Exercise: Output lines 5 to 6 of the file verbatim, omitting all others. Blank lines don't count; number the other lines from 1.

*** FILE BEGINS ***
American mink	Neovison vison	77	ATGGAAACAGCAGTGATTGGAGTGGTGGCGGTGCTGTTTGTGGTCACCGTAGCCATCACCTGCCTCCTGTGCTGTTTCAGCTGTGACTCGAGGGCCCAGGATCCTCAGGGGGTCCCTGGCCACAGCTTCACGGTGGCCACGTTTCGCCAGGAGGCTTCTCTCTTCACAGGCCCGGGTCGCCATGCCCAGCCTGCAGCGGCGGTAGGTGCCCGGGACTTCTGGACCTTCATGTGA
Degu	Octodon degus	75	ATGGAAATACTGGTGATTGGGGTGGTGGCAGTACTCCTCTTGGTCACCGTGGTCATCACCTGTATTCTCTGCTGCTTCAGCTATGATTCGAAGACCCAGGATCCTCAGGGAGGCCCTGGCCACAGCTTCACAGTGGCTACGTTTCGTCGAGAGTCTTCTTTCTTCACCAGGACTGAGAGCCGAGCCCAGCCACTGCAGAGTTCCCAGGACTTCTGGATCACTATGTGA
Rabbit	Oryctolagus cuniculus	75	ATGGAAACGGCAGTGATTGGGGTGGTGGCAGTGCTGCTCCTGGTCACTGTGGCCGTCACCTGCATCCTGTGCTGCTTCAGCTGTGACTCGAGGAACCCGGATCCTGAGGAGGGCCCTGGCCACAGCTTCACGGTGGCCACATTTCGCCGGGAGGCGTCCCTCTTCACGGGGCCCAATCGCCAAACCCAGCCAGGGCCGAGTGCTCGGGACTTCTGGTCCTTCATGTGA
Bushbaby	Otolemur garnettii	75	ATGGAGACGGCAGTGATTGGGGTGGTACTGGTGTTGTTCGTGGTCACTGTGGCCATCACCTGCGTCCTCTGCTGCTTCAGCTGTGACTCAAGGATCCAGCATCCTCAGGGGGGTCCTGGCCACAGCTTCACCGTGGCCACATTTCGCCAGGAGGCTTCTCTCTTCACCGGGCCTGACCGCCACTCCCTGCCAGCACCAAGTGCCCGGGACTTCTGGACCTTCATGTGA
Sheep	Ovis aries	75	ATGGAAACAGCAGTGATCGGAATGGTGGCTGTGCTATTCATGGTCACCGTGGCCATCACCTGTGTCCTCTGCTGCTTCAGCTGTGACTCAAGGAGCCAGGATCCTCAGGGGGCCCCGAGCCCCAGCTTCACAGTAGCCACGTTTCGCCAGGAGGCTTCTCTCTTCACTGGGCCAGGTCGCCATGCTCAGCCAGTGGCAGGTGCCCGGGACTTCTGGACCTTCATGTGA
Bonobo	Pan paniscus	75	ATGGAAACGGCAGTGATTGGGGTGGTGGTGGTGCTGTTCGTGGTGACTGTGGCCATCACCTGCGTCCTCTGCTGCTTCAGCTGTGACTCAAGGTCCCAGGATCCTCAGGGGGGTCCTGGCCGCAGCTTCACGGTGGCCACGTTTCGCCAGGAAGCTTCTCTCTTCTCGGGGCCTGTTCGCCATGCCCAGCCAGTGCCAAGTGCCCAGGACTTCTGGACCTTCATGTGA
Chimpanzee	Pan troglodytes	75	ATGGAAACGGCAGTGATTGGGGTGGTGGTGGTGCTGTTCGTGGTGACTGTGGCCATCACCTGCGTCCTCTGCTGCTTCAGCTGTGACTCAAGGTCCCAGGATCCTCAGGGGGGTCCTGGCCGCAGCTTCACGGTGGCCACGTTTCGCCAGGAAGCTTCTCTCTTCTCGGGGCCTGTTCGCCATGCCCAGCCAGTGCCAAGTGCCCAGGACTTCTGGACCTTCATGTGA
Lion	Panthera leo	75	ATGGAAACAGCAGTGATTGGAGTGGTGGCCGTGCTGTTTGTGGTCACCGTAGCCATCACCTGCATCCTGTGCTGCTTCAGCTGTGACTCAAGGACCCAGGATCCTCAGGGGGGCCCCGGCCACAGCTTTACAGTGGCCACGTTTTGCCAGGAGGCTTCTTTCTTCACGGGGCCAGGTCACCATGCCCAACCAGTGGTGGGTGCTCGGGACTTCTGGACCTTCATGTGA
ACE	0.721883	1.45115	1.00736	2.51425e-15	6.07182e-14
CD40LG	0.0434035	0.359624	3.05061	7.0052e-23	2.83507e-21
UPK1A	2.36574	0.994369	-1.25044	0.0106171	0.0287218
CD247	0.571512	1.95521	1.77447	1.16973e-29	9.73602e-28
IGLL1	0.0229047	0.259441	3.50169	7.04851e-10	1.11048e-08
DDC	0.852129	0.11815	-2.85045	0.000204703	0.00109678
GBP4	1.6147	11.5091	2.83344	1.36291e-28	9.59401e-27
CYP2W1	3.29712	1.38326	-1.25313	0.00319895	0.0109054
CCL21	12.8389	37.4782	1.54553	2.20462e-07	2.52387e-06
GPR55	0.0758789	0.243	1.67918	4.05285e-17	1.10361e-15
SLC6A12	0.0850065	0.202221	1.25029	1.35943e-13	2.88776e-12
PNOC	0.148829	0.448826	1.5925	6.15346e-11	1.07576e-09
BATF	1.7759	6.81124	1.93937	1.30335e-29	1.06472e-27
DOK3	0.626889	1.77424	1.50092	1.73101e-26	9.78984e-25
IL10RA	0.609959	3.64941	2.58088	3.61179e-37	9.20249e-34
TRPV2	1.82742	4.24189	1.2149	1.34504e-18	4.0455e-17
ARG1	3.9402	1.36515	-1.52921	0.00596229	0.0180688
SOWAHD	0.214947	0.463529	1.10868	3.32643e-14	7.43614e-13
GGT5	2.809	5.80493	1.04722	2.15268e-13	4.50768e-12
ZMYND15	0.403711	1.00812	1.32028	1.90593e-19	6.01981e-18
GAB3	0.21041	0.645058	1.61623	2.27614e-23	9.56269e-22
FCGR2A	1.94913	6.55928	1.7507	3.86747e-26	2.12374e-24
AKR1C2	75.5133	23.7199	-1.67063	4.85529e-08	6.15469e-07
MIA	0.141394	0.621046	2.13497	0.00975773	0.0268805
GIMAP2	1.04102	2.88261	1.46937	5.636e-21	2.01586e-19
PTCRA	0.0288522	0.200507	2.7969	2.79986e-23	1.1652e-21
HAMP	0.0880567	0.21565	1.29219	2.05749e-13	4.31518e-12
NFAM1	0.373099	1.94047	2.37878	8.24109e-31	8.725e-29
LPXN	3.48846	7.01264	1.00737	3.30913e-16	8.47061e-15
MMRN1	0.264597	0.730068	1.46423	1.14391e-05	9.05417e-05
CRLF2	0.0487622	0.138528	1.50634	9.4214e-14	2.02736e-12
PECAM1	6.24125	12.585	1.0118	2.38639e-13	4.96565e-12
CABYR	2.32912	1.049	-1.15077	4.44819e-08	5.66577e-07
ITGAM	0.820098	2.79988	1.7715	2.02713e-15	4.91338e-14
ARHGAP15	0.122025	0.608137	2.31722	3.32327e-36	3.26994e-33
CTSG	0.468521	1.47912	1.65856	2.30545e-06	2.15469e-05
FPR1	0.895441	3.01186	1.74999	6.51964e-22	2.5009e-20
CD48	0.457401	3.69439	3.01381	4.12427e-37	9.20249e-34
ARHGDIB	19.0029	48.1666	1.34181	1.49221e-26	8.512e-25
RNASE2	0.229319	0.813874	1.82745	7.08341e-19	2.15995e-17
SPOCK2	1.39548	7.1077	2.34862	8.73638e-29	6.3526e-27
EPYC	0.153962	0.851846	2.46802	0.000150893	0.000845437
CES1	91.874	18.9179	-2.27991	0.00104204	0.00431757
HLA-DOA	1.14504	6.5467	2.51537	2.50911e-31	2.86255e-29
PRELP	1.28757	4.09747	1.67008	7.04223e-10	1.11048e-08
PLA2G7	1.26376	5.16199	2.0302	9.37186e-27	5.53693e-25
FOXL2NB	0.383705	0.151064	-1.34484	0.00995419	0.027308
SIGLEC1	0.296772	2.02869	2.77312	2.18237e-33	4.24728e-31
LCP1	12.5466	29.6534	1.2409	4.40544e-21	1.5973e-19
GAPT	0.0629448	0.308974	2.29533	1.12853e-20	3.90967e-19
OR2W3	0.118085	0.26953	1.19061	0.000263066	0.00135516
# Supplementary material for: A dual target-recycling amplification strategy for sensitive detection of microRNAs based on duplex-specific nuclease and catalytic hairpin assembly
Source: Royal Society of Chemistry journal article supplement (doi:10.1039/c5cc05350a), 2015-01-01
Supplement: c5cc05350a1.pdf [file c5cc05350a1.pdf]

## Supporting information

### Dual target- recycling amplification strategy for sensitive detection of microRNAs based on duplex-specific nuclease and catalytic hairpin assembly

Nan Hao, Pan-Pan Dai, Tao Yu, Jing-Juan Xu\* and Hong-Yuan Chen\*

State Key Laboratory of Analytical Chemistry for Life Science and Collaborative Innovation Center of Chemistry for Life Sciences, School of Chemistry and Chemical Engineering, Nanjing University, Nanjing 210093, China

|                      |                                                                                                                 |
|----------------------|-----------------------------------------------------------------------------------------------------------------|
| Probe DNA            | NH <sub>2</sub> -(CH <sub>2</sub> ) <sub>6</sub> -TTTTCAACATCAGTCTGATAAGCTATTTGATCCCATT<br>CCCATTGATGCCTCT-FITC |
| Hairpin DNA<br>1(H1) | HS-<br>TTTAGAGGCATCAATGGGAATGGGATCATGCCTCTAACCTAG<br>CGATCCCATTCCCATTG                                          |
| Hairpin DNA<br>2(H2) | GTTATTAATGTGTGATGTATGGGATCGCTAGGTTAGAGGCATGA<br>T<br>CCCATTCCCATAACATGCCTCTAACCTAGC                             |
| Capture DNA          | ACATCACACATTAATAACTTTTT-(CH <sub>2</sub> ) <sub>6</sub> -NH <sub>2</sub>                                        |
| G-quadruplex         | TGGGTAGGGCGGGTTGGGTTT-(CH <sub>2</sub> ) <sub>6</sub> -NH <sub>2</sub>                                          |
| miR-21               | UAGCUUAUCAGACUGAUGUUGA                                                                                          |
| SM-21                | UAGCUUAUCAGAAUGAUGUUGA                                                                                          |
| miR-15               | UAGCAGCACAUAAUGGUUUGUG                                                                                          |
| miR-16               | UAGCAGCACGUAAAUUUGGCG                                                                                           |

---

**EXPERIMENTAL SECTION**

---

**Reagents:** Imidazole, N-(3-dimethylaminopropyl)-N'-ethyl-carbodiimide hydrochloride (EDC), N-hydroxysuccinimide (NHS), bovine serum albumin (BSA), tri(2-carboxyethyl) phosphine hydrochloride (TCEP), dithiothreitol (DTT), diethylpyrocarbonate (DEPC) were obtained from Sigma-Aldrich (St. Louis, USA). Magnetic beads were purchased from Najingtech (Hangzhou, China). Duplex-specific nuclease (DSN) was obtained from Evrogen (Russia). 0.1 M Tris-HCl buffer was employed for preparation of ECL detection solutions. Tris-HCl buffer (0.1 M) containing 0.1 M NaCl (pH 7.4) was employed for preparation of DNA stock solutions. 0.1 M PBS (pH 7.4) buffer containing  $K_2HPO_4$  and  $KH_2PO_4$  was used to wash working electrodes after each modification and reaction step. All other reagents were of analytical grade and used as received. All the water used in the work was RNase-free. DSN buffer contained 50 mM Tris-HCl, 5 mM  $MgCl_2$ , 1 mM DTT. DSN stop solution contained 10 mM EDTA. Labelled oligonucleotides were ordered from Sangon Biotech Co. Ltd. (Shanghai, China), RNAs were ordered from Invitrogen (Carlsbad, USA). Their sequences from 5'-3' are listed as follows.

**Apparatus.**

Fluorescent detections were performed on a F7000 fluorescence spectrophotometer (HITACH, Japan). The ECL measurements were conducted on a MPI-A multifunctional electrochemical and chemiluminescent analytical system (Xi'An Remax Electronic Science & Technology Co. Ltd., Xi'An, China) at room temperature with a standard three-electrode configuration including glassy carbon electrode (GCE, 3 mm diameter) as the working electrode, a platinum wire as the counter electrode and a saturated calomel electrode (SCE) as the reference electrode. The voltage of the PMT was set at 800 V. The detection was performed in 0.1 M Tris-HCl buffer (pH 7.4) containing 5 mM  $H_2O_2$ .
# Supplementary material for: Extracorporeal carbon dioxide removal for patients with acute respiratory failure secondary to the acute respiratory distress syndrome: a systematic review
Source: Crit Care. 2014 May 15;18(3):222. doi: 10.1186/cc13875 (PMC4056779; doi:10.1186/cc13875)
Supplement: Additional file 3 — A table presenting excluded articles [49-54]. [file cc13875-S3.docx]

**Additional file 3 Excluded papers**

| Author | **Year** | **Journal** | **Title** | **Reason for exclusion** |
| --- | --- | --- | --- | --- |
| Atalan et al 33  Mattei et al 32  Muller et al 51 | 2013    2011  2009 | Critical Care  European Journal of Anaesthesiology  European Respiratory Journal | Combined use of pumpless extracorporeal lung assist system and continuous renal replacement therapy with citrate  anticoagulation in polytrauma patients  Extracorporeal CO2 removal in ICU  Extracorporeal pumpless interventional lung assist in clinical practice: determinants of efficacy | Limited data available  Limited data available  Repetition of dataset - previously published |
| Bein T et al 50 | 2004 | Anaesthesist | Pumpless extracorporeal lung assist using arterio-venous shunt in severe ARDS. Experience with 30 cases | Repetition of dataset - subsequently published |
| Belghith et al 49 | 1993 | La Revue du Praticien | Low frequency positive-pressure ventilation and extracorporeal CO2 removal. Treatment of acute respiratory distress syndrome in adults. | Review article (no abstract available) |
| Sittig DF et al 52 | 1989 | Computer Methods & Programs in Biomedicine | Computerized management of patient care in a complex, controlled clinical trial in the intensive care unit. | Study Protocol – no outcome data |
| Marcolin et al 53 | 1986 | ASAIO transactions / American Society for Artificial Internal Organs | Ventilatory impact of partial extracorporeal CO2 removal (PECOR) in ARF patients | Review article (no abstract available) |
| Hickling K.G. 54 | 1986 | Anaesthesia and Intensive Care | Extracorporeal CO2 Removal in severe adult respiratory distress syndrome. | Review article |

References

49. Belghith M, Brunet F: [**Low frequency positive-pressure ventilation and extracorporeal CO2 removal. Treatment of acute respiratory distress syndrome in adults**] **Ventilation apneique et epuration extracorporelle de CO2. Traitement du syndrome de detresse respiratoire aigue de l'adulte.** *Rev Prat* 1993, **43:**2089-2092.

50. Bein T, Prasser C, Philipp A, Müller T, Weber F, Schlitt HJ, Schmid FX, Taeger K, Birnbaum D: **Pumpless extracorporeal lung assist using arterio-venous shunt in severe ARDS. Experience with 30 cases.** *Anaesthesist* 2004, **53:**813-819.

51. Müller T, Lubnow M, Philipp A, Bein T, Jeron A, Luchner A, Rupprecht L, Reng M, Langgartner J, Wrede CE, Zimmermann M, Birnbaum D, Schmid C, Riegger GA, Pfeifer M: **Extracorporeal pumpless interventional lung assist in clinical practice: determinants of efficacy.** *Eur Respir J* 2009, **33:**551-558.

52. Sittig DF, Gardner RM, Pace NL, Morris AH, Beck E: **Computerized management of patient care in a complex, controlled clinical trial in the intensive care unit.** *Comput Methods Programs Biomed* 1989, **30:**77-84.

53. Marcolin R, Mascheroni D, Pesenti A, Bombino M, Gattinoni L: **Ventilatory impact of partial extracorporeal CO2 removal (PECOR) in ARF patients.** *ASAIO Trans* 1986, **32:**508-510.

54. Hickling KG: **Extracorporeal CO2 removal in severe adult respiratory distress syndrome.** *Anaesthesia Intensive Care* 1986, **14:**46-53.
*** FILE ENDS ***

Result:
Sheep	Ovis aries	75	ATGGAAACAGCAGTGATCGGAATGGTGGCTGTGCTATTCATGGTCACCGTGGCCATCACCTGTGTCCTCTGCTGCTTCAGCTGTGACTCAAGGAGCCAGGATCCTCAGGGGGCCCCGAGCCCCAGCTTCACAGTAGCCACGTTTCGCCAGGAGGCTTCTCTCTTCACTGGGCCAGGTCGCCATGCTCAGCCAGTGGCAGGTGCCCGGGACTTCTGGACCTTCATGTGA
Bonobo	Pan paniscus	75	ATGGAAACGGCAGTGATTGGGGTGGTGGTGGTGCTGTTCGTGGTGACTGTGGCCATCACCTGCGTCCTCTGCTGCTTCAGCTGTGACTCAAGGTCCCAGGATCCTCAGGGGGGTCCTGGCCGCAGCTTCACGGTGGCCACGTTTCGCCAGGAAGCTTCTCTCTTCTCGGGGCCTGTTCGCCATGCCCAGCCAGTGCCAAGTGCCCAGGACTTCTGGACCTTCATGTGA